The websites created by Rosendaal represent a new phase in art that has become possible by technology and the internet. His art expands beyond standing in a museum and looking at a painting on a wall. The viewer can experience his work through his/her own computer screen, phone, iPad, etc. These screens are his canvas and he does a lot of unique things with this space.
Monday, April 6, 2015
Krystal South’s blog Identify Yourself was an interesting read. She covers a wide range of topics concerning the Internet, but the part I found most interesting was her description of the creation of our “internet selves.” She describes how the Internet is not only a part of our human identities, but also allows us to make new identities that live in the space online.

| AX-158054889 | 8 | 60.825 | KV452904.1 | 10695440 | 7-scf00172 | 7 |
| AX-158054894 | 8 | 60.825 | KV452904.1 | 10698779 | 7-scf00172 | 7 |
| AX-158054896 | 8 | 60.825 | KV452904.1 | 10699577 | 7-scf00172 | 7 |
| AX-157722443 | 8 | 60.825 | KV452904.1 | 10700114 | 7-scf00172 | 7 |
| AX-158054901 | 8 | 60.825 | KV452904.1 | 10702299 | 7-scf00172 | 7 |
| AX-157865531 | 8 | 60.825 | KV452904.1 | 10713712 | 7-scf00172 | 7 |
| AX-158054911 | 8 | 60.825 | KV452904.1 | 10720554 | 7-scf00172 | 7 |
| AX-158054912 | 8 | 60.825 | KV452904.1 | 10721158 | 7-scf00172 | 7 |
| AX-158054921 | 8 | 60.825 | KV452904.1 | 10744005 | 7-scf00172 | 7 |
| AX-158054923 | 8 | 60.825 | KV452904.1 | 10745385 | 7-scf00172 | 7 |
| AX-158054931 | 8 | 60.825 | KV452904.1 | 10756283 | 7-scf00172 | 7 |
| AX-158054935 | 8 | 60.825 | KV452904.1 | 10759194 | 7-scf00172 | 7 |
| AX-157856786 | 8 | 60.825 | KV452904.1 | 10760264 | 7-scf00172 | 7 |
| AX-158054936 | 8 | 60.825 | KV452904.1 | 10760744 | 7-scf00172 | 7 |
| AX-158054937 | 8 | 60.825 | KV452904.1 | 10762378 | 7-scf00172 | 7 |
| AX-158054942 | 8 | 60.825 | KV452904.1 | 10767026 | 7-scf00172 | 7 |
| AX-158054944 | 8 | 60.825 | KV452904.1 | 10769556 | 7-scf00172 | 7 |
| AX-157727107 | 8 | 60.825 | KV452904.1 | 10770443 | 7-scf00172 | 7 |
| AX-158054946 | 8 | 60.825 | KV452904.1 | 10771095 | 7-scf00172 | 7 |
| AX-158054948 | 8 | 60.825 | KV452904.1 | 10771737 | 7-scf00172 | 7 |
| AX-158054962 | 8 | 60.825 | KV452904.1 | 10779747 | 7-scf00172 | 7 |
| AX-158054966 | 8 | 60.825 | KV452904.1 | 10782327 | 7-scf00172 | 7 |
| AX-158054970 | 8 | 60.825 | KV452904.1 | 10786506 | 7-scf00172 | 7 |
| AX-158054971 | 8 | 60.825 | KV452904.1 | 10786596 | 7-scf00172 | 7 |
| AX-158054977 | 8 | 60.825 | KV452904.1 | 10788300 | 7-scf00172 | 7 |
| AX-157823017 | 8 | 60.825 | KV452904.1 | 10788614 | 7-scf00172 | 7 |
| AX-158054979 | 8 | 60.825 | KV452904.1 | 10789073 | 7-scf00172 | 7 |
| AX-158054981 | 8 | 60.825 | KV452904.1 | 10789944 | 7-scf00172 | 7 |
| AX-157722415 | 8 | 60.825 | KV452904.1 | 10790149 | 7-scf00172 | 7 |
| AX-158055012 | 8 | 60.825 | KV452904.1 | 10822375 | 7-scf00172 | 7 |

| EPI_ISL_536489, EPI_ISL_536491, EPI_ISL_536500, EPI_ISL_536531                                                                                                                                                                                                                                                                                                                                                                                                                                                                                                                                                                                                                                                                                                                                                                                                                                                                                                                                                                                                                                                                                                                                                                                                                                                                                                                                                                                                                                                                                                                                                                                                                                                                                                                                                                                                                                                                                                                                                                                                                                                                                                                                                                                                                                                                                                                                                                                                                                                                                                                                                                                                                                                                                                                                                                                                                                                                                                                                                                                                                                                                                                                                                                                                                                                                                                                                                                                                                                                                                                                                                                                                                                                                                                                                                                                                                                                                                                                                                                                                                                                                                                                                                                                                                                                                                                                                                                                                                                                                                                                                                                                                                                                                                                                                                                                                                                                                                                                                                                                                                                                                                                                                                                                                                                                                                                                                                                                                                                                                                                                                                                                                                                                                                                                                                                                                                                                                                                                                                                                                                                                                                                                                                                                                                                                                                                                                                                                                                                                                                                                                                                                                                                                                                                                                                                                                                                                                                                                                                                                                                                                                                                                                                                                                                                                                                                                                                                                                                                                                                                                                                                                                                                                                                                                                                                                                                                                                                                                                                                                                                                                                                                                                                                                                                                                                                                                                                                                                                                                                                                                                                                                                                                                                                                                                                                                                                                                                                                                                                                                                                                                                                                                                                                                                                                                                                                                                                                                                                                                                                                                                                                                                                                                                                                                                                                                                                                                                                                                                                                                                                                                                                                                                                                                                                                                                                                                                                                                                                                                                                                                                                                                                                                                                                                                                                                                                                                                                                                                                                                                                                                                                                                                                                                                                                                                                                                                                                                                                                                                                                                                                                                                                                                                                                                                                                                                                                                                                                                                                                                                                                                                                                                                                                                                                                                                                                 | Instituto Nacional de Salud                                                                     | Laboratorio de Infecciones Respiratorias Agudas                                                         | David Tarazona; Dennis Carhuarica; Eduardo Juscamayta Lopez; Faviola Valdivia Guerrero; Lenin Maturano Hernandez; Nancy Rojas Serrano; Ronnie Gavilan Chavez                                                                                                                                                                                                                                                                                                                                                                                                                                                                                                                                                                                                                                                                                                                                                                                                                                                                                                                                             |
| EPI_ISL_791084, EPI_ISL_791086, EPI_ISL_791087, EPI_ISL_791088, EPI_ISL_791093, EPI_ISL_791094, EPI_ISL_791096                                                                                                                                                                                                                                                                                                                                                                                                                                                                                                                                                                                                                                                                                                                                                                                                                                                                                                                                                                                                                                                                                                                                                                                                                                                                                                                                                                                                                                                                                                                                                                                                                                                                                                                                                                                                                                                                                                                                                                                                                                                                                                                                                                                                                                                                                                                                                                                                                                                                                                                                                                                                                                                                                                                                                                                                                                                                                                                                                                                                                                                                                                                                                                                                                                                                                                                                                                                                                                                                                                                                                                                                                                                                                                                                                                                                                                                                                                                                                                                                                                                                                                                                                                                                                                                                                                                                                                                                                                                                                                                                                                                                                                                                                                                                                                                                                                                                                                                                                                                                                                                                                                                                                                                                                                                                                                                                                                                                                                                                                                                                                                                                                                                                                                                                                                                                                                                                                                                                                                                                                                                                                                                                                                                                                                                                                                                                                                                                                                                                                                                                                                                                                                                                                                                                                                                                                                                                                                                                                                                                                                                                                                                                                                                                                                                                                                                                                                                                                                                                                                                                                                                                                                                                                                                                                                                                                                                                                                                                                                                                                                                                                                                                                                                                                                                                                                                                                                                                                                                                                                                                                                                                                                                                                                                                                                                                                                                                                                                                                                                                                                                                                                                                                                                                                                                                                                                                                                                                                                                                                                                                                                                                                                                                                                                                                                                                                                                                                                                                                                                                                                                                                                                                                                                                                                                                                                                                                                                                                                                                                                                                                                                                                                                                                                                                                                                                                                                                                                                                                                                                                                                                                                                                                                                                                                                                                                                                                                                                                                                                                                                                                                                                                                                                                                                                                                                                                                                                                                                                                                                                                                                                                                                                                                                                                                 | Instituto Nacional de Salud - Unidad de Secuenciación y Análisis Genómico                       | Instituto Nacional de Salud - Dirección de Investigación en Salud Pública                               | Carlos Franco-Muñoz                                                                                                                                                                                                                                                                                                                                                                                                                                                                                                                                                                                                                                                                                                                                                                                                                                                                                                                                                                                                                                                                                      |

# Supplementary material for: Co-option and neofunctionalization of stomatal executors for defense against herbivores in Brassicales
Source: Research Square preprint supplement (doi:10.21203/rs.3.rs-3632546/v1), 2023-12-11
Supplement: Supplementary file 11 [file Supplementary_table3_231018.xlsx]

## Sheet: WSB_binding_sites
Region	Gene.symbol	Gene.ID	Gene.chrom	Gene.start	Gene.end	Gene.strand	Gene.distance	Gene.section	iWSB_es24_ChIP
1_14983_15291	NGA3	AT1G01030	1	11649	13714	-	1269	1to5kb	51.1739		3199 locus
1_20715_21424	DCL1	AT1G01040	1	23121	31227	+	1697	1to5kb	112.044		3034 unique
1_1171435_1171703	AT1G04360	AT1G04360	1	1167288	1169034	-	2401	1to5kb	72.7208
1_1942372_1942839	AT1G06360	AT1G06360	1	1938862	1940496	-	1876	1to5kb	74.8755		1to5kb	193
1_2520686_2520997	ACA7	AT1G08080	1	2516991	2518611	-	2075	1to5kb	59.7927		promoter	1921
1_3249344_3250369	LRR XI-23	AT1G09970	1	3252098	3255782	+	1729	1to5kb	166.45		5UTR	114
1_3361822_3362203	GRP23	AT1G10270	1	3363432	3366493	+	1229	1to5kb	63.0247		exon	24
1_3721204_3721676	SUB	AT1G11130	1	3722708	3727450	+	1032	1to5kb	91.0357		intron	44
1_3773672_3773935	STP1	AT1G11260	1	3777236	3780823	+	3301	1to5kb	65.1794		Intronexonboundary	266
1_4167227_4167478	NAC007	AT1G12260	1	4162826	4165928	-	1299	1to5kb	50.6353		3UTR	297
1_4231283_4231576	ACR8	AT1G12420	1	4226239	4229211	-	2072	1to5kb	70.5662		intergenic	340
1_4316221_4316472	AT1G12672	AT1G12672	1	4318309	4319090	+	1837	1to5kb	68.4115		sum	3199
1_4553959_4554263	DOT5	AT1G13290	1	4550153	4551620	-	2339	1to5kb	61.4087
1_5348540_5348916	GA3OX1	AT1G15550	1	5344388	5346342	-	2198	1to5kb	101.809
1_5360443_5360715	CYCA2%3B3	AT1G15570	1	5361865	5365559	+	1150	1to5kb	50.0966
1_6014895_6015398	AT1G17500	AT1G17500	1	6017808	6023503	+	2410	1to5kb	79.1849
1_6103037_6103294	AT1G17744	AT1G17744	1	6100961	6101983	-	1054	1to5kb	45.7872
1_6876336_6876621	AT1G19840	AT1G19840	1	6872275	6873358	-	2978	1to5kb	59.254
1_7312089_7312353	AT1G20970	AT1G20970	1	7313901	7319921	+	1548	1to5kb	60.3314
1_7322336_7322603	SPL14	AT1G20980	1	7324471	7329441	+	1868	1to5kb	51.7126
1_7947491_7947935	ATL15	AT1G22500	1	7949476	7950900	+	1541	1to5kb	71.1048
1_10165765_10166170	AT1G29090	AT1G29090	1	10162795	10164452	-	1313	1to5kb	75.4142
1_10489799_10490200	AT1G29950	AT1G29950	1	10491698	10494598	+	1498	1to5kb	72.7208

When I read her description of internet selves, I began to think about how our current generation spends an enormous amount of time creating virtual selves via social media. “We feel phantom vibrations in our pockets or as we drift off to sleep at night. We hear an alert and we all check our devices to see who got the message. The sounds are ubiquitous and we allow them to interrupt our most private moments. We are always connected, always listening, always watching for the next piece of feedback that brings us back into the loop of our virtual selves.” This quote perfectly describes how our generation is constantly tuned in to social media. But by being attached to our phones and computers we are linking ourselves with our internet selves. We depend on this constant connection with the internet to control how our internet selves interact with everyone else. Our human and internet selves are very distinct but also linked. It is almost as if our internet and real selves are in competition: our internet selves invade our real selves with constant notifications and updates, but our real life commitments keep us from our internet selves.